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Palpable Fear

Covid is spreading in India like a wildfire. Nothing can stop it and the explosion in case counts is just horrific.

India braced for the first wave in a remarkable way. The lockdowns were done in a timely manner and lifted with care although migrant workers were caught in a crisis of epic proportions. The numbers rose rapidly in the initial surge but not as fast as they rose in the US and Brazil.

There was talk about how Indians are able to resist the virus possibly because of the BCG vaccine for tuberculosis we took as children. In November 2020, Cedars-Sinai in LA released a study that established a preliminary link between BCG and ability to fight Covid. More studies are underway now.

Winter came and went in India and people continued to be cautious.

Early this year two vaccines brought a huge sigh of relief. Covaxin, discovered and manufactured in India, and Covishield, discovered by AstraZeneca and manufactured by the Serum Institute in Pune, were quickly rolled out to front-line workers in healthcare and then to vulnerable populations. By the end of Q1, India had even exported 19.6M doses of the vaccine to other countries.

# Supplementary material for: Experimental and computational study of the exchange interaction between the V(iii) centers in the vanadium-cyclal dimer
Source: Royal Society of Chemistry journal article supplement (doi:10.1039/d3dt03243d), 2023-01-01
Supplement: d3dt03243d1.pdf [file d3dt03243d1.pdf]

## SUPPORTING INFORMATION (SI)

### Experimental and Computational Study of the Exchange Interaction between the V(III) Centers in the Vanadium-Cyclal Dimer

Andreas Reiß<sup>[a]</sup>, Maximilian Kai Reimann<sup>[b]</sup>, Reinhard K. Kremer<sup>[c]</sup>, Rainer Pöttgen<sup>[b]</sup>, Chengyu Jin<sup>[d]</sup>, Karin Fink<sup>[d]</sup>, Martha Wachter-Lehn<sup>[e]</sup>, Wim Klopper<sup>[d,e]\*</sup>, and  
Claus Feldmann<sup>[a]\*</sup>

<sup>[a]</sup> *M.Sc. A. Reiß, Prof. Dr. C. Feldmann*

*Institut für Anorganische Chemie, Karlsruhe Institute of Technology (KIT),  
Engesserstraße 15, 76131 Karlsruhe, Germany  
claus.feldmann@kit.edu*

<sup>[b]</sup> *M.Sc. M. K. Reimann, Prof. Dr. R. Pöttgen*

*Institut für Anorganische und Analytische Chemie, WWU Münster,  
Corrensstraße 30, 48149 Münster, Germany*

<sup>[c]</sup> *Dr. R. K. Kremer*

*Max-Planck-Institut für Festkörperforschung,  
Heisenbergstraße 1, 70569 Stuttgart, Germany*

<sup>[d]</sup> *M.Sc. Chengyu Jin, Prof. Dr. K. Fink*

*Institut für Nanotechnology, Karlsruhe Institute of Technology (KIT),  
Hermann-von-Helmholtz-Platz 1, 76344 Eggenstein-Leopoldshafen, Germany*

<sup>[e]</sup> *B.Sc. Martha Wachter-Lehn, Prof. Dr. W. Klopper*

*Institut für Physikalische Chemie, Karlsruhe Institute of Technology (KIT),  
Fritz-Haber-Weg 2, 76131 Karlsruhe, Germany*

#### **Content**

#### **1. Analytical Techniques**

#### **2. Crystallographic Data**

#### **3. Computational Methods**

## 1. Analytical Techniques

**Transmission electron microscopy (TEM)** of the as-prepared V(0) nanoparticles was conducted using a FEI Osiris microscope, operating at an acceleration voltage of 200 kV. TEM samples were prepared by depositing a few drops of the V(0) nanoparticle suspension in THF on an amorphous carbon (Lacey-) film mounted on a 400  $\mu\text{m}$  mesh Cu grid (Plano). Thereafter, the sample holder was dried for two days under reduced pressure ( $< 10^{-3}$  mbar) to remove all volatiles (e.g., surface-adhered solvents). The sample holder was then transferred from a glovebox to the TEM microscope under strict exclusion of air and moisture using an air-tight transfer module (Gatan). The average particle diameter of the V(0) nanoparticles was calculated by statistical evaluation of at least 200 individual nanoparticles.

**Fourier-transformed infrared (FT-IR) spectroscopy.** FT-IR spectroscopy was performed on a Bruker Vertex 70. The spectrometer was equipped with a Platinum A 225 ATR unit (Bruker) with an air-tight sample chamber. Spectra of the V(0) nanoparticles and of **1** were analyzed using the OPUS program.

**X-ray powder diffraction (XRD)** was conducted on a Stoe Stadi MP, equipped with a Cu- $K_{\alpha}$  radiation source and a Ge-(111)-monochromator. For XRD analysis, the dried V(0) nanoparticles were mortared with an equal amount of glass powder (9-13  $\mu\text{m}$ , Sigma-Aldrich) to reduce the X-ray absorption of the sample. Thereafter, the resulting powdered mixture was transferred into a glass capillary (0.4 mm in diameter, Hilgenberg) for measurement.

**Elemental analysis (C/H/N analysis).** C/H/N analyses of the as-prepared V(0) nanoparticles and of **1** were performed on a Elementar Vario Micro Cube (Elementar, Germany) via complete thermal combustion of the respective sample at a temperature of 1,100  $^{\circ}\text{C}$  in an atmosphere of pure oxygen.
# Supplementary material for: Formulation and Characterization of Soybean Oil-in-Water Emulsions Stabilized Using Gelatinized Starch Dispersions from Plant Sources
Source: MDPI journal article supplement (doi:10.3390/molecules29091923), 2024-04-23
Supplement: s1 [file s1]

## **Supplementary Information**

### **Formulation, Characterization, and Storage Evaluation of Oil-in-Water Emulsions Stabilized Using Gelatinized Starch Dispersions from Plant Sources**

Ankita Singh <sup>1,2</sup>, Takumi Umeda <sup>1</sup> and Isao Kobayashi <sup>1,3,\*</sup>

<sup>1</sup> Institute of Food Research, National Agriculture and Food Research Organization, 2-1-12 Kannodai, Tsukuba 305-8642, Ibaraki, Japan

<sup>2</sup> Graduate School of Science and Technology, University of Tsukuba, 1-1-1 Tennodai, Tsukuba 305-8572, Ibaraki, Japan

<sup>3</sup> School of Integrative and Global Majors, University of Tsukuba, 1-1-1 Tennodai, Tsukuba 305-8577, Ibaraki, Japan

Just as it was looking like things were coming under control, a new wave of Covid infections hit India last month. The country is estimated to have broken 300,000 cases per day this week. The actual number could be even higher.

Nature reports that 1/5th of the Indian population, i.e., 270M people - nearly the size of the US population! - has already been infected prior to the current surge and 50% of the population in mega cities like Delhi and Mumbai exhibited antibodies as recently as January '21.

All of this should have resulted in lower case counts, but the curve is rising at a gravity-defying pace!

Scientists are attributing the explosion to a new variant, called B.1.617. This is now the dominant variant in densely populated parts of India. It transmits at a faster rate and more successfully evades immune defenses. Entire households are testing positive when one person is infected.

This surge is hitting the urban population in greater numbers because they are likely exhausted from isolating for over a year and have abandoned social distancing norms. More vaccines would help but manufacturers, stymied by a failing supply chain, are no longer able to keep pace with the demand within the country, let alone being able to export to other countries.

No doubt, we will be studying the reasons and impacts of the surge for the foreseeable future.

In the meantime, our extended families are reporting daily infections, elders are succumbing. This time the fear is palpable and constant. Even though we are surrounding our families with prayers and good wishes, deep down we are petrified because this virus has a way of defying every expectation, hope, and prayer.

I wish your families in India safe passage through this unbelievably dark journey. Love and hugs.


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